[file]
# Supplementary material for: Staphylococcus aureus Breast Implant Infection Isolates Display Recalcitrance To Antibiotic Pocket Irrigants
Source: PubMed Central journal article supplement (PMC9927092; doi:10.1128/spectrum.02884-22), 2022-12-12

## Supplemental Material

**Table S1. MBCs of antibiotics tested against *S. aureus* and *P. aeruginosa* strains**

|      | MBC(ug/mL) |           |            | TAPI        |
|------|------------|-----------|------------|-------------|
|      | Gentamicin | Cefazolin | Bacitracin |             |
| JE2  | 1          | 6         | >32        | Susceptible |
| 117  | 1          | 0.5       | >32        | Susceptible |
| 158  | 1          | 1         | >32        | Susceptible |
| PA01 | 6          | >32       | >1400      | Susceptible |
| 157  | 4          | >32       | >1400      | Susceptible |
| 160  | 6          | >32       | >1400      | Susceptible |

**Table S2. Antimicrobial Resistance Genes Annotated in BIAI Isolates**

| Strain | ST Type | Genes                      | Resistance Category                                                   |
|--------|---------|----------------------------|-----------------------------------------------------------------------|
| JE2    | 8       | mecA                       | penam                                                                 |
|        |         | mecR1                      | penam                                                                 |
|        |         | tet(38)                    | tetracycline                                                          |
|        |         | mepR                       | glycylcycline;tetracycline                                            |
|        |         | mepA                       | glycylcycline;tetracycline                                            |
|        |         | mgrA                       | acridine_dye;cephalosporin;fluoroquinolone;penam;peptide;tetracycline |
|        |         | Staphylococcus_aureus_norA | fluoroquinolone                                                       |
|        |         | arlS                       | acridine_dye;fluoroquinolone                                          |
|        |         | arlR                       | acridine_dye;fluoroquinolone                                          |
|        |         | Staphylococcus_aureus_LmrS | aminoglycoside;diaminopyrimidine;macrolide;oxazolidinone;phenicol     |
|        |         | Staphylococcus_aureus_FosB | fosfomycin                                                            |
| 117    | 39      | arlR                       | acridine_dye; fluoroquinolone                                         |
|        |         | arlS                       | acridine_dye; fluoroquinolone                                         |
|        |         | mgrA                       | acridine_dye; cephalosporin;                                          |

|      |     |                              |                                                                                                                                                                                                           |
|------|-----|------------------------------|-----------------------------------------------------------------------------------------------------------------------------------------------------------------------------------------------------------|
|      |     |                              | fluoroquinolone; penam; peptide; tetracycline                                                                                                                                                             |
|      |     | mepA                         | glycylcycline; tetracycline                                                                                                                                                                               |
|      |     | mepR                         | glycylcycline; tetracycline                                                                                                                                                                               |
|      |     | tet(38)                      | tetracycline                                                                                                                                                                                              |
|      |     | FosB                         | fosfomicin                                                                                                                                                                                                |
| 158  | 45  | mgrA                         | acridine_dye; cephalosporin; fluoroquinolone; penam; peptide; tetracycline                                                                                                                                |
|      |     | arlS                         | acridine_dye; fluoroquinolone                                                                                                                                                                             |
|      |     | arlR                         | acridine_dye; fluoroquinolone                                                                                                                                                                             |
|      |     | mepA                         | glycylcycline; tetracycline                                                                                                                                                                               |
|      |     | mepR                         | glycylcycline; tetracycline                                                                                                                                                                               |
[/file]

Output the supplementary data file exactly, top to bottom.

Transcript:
# Supplementary material for: Staphylococcus aureus Breast Implant Infection Isolates Display Recalcitrance To Antibiotic Pocket Irrigants
Source: PubMed Central journal article supplement (PMC9927092; doi:10.1128/spectrum.02884-22), 2022-12-12

## Supplemental Material

**Table S1. MBCs of antibiotics tested against *S. aureus* and *P. aeruginosa* strains**

|      | MBC(ug/mL) |           |            | TAPI        |
|------|------------|-----------|------------|-------------|
|      | Gentamicin | Cefazolin | Bacitracin |             |
| JE2  | 1          | 6         | >32        | Susceptible |
| 117  | 1          | 0.5       | >32        | Susceptible |
| 158  | 1          | 1         | >32        | Susceptible |
| PA01 | 6          | >32       | >1400      | Susceptible |
| 157  | 4          | >32       | >1400      | Susceptible |
| 160  | 6          | >32       | >1400      | Susceptible |

**Table S2. Antimicrobial Resistance Genes Annotated in BIAI Isolates**

| Strain | ST Type | Genes                      | Resistance Category                                                   |
|--------|---------|----------------------------|-----------------------------------------------------------------------|
| JE2    | 8       | mecA                       | penam                                                                 |
|        |         | mecR1                      | penam                                                                 |
|        |         | tet(38)                    | tetracycline                                                          |
|        |         | mepR                       | glycylcycline;tetracycline                                            |
|        |         | mepA                       | glycylcycline;tetracycline                                            |
|        |         | mgrA                       | acridine_dye;cephalosporin;fluoroquinolone;penam;peptide;tetracycline |
|        |         | Staphylococcus_aureus_norA | fluoroquinolone                                                       |
|        |         | arlS                       | acridine_dye;fluoroquinolone                                          |
|        |         | arlR                       | acridine_dye;fluoroquinolone                                          |
|        |         | Staphylococcus_aureus_LmrS | aminoglycoside;diaminopyrimidine;macrolide;oxazolidinone;phenicol     |
|        |         | Staphylococcus_aureus_FosB | fosfomycin                                                            |
| 117    | 39      | arlR                       | acridine_dye; fluoroquinolone                                         |
|        |         | arlS                       | acridine_dye; fluoroquinolone                                         |
|        |         | mgrA                       | acridine_dye; cephalosporin;                                          |

|      |     |                              |                                                                                                                                                                                                           |
|------|-----|------------------------------|-----------------------------------------------------------------------------------------------------------------------------------------------------------------------------------------------------------|
|      |     |                              | fluoroquinolone; penam; peptide; tetracycline                                                                                                                                                             |
|      |     | mepA                         | glycylcycline; tetracycline                                                                                                                                                                               |
|      |     | mepR                         | glycylcycline; tetracycline                                                                                                                                                                               |
|      |     | tet(38)                      | tetracycline                                                                                                                                                                                              |
|      |     | FosB                         | fosfomicin                                                                                                                                                                                                |
| 158  | 45  | mgrA                         | acridine_dye; cephalosporin; fluoroquinolone; penam; peptide; tetracycline                                                                                                                                |
|      |     | arlS                         | acridine_dye; fluoroquinolone                                                                                                                                                                             |
|      |     | arlR                         | acridine_dye; fluoroquinolone                                                                                                                                                                             |
|      |     | mepA                         | glycylcycline; tetracycline                                                                                                                                                                               |
|      |     | mepR                         | glycylcycline; tetracycline                                                                                                                                                                               |